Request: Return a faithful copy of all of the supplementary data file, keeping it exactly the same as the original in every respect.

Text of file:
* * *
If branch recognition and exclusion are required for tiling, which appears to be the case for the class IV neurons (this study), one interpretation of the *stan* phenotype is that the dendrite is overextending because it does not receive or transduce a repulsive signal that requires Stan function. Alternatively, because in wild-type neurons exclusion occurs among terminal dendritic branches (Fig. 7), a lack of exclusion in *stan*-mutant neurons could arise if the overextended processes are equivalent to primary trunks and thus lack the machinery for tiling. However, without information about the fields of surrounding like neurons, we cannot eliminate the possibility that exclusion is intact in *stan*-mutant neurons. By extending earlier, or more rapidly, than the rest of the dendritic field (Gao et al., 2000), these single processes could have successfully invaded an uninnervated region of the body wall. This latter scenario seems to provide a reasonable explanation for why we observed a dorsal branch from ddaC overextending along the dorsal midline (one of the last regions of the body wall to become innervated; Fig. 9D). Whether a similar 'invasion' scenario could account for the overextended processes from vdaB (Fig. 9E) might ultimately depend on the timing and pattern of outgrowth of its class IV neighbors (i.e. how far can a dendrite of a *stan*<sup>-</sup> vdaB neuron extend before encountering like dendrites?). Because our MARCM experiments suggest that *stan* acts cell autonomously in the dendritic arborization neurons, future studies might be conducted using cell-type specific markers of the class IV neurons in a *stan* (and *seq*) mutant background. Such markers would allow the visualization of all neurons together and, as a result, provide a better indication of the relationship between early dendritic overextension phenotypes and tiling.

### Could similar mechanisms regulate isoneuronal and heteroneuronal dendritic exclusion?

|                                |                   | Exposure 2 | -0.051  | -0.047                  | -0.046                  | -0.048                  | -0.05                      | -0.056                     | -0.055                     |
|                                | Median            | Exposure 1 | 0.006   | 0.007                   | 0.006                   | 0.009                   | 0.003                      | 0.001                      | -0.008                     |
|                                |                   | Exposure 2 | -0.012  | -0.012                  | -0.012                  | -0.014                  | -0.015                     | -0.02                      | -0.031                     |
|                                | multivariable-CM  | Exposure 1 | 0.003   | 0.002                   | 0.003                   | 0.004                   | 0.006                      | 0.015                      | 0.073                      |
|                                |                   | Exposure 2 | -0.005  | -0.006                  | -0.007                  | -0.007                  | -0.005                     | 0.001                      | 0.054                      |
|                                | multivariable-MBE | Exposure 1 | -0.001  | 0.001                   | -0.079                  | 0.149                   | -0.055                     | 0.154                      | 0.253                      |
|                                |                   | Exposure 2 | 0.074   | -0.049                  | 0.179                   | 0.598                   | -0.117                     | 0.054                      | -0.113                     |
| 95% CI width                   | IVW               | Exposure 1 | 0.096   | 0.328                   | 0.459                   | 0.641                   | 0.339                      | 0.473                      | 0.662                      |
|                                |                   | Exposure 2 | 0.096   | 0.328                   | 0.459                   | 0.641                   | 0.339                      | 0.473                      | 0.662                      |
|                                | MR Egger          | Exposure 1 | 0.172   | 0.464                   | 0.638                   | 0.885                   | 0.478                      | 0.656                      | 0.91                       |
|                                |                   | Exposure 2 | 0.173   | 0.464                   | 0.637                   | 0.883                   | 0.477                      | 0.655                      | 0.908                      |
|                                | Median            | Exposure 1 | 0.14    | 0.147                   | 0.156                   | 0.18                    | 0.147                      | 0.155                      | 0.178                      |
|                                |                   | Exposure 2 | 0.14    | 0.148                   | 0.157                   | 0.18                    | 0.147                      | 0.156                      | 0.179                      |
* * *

If branch recognition and exclusion are required for tiling, which appears to be the case for the class IV neurons (this study), one interpretation of the *stan* phenotype is that the dendrite is overextending because it does not receive or transduce a repulsive signal that requires Stan function. Alternatively, because in wild-type neurons exclusion occurs among terminal dendritic branches (Fig. 7), a lack of exclusion in *stan*-mutant neurons could arise if the overextended processes are equivalent to primary trunks and thus lack the machinery for tiling. However, without information about the fields of surrounding like neurons, we cannot eliminate the possibility that exclusion is intact in *stan*-mutant neurons. By extending earlier, or more rapidly, than the rest of the dendritic field (Gao et al., 2000), these single processes could have successfully invaded an uninnervated region of the body wall. This latter scenario seems to provide a reasonable explanation for why we observed a dorsal branch from ddaC overextending along the dorsal midline (one of the last regions of the body wall to become innervated; Fig. 9D). Whether a similar 'invasion' scenario could account for the overextended processes from vdaB (Fig. 9E) might ultimately depend on the timing and pattern of outgrowth of its class IV neighbors (i.e. how far can a dendrite of a *stan*<sup>-</sup> vdaB neuron extend before encountering like dendrites?). Because our MARCM experiments suggest that *stan* acts cell autonomously in the dendritic arborization neurons, future studies might be conducted using cell-type specific markers of the class IV neurons in a *stan* (and *seq*) mutant background. Such markers would allow the visualization of all neurons together and, as a result, provide a better indication of the relationship between early dendritic overextension phenotypes and tiling.

### Could similar mechanisms regulate isoneuronal and heteroneuronal dendritic exclusion?

|                                |                   | Exposure 2 | -0.051  | -0.047                  | -0.046                  | -0.048                  | -0.05                      | -0.056                     | -0.055                     |
|                                | Median            | Exposure 1 | 0.006   | 0.007                   | 0.006                   | 0.009                   | 0.003                      | 0.001                      | -0.008                     |
|                                |                   | Exposure 2 | -0.012  | -0.012                  | -0.012                  | -0.014                  | -0.015                     | -0.02                      | -0.031                     |
|                                | multivariable-CM  | Exposure 1 | 0.003   | 0.002                   | 0.003                   | 0.004                   | 0.006                      | 0.015                      | 0.073                      |
|                                |                   | Exposure 2 | -0.005  | -0.006                  | -0.007                  | -0.007                  | -0.005                     | 0.001                      | 0.054                      |
|                                | multivariable-MBE | Exposure 1 | -0.001  | 0.001                   | -0.079                  | 0.149                   | -0.055                     | 0.154                      | 0.253                      |
|                                |                   | Exposure 2 | 0.074   | -0.049                  | 0.179                   | 0.598                   | -0.117                     | 0.054                      | -0.113                     |
| 95% CI width                   | IVW               | Exposure 1 | 0.096   | 0.328                   | 0.459                   | 0.641                   | 0.339                      | 0.473                      | 0.662                      |
|                                |                   | Exposure 2 | 0.096   | 0.328                   | 0.459                   | 0.641                   | 0.339                      | 0.473                      | 0.662                      |
|                                | MR Egger          | Exposure 1 | 0.172   | 0.464                   | 0.638                   | 0.885                   | 0.478                      | 0.656                      | 0.91                       |
|                                |                   | Exposure 2 | 0.173   | 0.464                   | 0.637                   | 0.883                   | 0.477                      | 0.655                      | 0.908                      |
|                                | Median            | Exposure 1 | 0.14    | 0.147                   | 0.156                   | 0.18                    | 0.147                      | 0.155                      | 0.178                      |
|                                |                   | Exposure 2 | 0.14    | 0.148                   | 0.157                   | 0.18                    | 0.147                      | 0.156                      | 0.179                      |